CS348b Final Project: Fractal Primitives
The purpose of this project was to create an interface to explore fractal objects. I started out with the intent of rendering 3D Julia sets, but later tried to generalize the interface wherever possible to apply to as many fractals as possible. In ray-tracing fractals, two problems present themselves: how to intersect a ray with the set, and finding the normal of the set at a particular point. Click on any of the pictures for the original .tiff file, especially the above picture, which looks incredible at 1600x1200.
The first approach I took was to simply evaluate points along the ray until I found a point within the set. With this approach, I was able to determine whether or not I was evaluating points correctly. Here’s an image of the 2D Mandelbrot set that’s been extruded a small distance towards the camera.
There are 3 problems that need to be addressed with this approach:
With step sizes that are too large, you run the risk of getting steps in the fractal instead of smooth gradations. To the left is an example of this effect, with the complete fractal shown for comparison.
Even with smaller step sizes, the new risk is that thin structures of the fractal may lie between two sample points. I was unable to solve this problem, except by decreasing the step sizes further, which leads to:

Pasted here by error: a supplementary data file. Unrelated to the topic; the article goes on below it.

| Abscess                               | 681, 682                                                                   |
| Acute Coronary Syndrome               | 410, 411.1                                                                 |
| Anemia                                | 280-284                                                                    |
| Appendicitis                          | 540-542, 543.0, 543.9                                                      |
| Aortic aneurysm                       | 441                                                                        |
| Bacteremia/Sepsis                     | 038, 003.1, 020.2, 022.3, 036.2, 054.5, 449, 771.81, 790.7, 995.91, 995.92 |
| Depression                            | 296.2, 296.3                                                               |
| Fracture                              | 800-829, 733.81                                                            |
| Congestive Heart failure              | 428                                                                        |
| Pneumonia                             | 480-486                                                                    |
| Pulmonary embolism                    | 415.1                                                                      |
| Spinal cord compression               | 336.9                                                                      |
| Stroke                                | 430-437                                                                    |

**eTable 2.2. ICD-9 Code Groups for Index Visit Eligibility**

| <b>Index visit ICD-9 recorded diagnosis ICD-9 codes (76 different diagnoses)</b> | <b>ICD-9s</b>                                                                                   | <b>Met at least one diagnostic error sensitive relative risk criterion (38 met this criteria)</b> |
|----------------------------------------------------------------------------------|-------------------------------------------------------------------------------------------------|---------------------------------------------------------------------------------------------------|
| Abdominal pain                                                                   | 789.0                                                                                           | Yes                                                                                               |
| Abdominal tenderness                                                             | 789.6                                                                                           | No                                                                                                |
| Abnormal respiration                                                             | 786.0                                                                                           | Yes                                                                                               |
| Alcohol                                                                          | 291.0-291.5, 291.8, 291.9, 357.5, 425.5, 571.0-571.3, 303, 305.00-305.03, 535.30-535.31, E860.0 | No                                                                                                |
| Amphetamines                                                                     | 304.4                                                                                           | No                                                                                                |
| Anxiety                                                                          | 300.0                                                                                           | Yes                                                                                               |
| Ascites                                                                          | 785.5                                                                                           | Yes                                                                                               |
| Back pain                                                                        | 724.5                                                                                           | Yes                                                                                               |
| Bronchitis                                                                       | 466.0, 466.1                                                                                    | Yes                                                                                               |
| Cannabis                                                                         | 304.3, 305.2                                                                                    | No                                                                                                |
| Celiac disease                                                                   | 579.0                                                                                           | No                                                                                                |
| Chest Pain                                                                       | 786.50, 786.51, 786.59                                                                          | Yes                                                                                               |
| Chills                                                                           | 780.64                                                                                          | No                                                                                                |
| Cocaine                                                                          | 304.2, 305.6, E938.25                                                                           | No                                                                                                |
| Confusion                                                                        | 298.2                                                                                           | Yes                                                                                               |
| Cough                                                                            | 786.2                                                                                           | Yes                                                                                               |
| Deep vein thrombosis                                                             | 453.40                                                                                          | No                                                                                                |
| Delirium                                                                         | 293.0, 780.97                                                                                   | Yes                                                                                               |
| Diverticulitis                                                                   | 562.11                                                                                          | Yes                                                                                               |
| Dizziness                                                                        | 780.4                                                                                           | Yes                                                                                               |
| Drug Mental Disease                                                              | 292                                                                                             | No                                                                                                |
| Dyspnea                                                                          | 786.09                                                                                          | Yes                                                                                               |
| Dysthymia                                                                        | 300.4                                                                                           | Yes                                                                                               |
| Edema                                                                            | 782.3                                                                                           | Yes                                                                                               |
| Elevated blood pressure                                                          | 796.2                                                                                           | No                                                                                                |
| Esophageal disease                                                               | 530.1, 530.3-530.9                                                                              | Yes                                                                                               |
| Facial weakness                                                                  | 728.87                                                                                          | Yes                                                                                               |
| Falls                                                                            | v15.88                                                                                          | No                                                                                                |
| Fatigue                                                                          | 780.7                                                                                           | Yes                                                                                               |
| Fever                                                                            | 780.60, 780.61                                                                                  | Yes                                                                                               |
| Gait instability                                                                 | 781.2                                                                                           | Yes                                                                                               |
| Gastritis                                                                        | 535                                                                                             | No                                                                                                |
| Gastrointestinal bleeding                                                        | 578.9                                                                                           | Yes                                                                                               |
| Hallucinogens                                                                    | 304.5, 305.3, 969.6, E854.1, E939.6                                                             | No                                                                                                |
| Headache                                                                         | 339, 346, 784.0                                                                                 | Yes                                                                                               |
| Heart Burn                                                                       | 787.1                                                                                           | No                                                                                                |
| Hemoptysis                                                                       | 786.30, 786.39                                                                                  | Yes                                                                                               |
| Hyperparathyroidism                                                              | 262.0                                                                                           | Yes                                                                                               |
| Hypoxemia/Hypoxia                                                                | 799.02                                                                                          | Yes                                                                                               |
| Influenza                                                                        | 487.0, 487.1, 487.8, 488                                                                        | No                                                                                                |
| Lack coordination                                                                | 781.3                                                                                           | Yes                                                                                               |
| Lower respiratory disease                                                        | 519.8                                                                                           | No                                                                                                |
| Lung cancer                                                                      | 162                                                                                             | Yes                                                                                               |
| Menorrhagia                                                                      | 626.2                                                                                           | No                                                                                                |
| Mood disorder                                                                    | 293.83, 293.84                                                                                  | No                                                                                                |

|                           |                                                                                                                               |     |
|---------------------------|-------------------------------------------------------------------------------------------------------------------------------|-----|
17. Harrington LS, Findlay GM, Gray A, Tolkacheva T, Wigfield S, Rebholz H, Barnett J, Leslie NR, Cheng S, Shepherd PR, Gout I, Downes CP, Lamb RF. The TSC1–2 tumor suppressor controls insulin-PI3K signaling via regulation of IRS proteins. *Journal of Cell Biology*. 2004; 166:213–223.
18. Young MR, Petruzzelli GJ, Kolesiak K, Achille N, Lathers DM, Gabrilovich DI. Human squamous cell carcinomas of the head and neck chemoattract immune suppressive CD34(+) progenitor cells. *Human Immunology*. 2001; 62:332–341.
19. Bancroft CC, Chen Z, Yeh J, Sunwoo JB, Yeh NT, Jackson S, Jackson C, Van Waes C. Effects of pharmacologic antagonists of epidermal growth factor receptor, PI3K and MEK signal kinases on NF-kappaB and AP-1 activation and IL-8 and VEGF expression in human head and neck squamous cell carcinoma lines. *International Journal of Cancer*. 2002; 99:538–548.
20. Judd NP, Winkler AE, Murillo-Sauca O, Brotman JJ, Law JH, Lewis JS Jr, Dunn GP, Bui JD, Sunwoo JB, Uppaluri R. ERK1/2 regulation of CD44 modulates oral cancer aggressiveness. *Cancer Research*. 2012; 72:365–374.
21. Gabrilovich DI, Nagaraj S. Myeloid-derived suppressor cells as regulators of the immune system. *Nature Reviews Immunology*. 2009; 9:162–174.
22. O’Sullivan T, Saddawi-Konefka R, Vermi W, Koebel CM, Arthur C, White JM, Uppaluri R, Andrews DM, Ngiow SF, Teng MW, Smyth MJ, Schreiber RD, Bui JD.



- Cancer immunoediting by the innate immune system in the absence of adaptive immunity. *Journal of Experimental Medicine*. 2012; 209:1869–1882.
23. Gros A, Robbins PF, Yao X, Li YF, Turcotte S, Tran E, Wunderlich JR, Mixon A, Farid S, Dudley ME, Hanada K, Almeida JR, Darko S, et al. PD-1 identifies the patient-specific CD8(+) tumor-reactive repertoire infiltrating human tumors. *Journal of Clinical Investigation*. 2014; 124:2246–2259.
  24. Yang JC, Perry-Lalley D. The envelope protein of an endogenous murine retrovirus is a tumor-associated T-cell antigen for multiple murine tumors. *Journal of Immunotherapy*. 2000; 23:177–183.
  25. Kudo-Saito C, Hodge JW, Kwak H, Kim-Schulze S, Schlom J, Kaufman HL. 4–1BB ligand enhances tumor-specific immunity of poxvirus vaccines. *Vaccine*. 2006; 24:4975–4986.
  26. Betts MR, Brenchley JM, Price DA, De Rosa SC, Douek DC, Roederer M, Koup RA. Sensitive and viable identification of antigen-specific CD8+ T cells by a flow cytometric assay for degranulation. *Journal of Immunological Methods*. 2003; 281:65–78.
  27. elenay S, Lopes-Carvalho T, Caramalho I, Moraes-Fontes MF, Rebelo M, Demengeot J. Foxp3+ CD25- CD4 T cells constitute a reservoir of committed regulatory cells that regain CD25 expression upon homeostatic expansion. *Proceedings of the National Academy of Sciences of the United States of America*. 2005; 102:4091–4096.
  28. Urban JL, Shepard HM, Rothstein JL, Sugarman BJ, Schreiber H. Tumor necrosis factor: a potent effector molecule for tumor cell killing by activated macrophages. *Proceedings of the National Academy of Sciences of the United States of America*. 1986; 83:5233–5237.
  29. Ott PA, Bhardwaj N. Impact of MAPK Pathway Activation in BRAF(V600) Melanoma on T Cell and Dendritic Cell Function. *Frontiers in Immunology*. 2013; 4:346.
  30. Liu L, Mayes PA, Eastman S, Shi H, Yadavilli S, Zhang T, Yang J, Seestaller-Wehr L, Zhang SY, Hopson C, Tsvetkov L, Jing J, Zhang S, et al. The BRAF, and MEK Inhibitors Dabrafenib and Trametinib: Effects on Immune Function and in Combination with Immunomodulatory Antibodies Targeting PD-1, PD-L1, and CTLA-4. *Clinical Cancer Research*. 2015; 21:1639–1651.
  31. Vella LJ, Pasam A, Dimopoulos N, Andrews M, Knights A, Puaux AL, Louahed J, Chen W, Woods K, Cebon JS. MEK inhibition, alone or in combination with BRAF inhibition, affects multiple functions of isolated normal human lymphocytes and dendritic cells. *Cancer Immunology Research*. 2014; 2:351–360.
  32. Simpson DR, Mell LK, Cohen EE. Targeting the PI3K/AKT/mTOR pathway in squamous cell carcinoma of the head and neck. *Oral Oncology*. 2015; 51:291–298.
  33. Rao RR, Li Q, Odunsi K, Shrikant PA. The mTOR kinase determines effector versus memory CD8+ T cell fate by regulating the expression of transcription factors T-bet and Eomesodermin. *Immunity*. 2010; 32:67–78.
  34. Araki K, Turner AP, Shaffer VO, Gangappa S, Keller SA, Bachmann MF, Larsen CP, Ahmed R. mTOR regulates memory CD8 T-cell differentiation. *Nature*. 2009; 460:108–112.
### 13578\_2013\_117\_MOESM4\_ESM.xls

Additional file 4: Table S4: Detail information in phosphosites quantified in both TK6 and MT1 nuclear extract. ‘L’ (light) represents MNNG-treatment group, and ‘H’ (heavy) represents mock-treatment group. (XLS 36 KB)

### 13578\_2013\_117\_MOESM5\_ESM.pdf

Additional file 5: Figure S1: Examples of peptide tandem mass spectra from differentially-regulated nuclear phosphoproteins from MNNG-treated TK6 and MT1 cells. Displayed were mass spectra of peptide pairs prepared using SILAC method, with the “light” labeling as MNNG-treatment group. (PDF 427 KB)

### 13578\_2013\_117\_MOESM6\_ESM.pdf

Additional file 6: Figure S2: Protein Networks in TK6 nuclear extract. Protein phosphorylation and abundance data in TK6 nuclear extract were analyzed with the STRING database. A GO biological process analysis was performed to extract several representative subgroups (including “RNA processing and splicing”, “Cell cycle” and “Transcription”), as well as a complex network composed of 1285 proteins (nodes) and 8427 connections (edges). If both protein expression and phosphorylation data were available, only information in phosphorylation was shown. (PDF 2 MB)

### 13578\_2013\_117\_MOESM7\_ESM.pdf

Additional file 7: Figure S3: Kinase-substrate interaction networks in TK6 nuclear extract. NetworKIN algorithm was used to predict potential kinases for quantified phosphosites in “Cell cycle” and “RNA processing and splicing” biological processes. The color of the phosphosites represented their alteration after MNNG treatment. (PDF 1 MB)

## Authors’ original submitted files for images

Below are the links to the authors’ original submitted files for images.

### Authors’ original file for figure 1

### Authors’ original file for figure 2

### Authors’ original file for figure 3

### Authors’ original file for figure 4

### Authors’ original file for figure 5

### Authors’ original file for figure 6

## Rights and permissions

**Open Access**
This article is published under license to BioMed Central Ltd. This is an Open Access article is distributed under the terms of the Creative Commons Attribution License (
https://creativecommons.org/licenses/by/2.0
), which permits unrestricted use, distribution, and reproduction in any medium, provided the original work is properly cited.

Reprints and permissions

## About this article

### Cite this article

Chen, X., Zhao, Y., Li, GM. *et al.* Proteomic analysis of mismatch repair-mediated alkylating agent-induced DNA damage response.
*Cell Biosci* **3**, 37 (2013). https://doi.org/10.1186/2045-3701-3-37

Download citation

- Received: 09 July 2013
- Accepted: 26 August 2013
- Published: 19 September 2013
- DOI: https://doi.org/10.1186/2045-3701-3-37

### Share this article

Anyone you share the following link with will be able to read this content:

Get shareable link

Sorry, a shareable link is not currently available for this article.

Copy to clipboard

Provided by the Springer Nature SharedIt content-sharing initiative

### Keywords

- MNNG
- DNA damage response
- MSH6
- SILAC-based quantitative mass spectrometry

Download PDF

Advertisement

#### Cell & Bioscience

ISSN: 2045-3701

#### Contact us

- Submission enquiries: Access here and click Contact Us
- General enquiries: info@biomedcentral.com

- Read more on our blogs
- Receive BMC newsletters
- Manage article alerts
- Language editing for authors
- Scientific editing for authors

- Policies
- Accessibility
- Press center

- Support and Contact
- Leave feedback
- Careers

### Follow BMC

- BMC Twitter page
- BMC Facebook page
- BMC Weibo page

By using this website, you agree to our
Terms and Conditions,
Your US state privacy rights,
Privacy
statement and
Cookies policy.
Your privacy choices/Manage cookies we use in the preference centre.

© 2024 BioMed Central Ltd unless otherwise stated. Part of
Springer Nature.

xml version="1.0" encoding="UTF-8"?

Obviously, taking a huge number of small steps on rays that never intersect the set can be very time consuming. The traditional method of speeding this up is to use functions that approach some value as you approach the boundary of the set, such as Distance Estimators or the Newton-Raphson method. The problem is that these functions need to be pre-computed for various types of 3D fractals. I had success in implementing the Distance Estimator for 3D Julia sets, but not for other types of fractals (see below).
As with Distance Estimators, normals can be explicitly determined from certain types of 3D fractals. I had originally written code to handle the explicit case of 3D quadric Julia sets, but later decided to generalize the code to calculate normals for generic fractals. After determining the point of intersection, I shoot two more rays that are perturbed slightly (based on the distance to the intersection point) to obtain two tangents. I had such great success with this method that I even used it for the 3D quadric Julia sets.
Another 3D quadric Julia set, with a zoomed in portion on the right (w/ different lighting conditions)
A cubic Julia set. The set is revolved around the horizontal axis. The set number of iterations was set slightly high, which causes the “noise” on the surface, since higher iterations cause the fractals to become rougher.